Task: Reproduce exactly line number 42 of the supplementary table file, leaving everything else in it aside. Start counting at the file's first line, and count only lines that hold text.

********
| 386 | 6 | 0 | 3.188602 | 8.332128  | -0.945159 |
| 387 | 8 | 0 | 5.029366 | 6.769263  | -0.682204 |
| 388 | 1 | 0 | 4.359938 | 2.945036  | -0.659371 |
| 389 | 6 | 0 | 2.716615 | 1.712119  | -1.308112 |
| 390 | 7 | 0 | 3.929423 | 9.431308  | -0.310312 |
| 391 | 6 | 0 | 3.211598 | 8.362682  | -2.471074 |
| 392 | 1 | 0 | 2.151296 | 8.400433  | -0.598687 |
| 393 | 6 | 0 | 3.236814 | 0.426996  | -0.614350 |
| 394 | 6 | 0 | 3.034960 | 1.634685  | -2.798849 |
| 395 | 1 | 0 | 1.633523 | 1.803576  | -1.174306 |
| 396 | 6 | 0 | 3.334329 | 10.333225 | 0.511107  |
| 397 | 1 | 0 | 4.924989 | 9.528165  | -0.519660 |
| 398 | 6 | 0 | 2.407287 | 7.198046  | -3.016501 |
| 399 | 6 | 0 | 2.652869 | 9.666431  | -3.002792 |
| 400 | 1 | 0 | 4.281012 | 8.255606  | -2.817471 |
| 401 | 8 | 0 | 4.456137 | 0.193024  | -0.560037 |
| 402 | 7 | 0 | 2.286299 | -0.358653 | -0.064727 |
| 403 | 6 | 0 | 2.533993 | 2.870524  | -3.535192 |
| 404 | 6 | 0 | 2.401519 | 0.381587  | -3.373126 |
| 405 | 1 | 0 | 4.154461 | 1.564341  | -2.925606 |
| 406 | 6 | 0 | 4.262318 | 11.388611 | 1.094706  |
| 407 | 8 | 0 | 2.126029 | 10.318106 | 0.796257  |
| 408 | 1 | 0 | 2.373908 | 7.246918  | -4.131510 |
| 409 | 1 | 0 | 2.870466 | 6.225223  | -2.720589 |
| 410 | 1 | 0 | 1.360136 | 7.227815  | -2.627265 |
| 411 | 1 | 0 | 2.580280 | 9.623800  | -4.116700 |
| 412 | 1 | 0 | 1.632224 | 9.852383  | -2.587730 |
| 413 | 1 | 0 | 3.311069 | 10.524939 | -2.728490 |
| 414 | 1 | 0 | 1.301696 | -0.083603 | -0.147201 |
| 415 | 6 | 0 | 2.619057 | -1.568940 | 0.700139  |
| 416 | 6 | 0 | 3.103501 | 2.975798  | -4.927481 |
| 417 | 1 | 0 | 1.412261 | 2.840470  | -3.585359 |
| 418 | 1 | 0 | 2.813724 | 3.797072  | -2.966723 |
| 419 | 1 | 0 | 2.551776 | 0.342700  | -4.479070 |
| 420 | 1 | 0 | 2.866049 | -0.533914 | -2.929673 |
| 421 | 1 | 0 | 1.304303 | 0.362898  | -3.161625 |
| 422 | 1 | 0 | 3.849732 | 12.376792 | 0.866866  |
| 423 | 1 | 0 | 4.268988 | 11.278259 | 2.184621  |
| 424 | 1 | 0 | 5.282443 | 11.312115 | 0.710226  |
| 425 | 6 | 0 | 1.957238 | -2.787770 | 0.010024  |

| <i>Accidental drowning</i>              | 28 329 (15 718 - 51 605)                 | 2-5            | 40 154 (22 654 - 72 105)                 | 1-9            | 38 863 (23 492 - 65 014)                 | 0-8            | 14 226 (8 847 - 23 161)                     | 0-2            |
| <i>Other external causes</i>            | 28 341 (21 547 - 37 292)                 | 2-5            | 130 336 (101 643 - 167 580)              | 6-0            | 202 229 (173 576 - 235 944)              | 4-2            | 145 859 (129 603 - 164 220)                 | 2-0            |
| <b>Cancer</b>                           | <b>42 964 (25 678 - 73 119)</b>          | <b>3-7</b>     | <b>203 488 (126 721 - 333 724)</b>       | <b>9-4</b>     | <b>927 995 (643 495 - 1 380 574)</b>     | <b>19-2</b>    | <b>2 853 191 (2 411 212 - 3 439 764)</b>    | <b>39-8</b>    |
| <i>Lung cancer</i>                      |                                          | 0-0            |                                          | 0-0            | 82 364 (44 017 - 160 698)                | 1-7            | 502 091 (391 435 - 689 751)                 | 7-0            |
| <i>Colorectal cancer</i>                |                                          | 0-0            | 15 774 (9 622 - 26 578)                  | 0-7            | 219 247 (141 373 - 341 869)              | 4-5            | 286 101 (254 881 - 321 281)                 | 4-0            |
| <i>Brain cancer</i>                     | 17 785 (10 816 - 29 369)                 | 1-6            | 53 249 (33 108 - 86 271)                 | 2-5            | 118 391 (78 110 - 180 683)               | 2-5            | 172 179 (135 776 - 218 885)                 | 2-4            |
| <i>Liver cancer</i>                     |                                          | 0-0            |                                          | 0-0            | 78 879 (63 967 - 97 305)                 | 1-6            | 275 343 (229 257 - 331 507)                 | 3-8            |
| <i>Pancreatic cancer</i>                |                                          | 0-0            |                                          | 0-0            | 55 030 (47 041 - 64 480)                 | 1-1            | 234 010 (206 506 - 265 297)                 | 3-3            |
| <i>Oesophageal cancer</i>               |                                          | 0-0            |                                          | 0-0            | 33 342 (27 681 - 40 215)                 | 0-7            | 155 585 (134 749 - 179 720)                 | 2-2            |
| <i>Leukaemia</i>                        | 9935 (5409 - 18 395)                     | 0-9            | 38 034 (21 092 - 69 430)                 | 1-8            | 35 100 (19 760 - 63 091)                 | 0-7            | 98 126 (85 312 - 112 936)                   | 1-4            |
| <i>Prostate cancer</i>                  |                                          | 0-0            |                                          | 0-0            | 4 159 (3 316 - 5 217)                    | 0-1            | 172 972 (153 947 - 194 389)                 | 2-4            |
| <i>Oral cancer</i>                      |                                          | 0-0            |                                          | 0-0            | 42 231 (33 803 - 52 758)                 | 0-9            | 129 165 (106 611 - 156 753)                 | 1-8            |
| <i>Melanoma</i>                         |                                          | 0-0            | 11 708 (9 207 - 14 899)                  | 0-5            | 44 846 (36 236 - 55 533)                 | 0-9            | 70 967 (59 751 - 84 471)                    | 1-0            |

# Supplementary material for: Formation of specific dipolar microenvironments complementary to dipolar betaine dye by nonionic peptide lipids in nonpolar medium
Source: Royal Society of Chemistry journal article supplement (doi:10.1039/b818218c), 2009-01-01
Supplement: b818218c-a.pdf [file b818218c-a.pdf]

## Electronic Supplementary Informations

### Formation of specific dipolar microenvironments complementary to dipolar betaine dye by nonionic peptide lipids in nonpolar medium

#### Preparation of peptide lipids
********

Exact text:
| <i>Other external causes</i>            | 28 341 (21 547 - 37 292)                 | 2-5            | 130 336 (101 643 - 167 580)              | 6-0            | 202 229 (173 576 - 235 944)              | 4-2            | 145 859 (129 603 - 164 220)                 | 2-0            |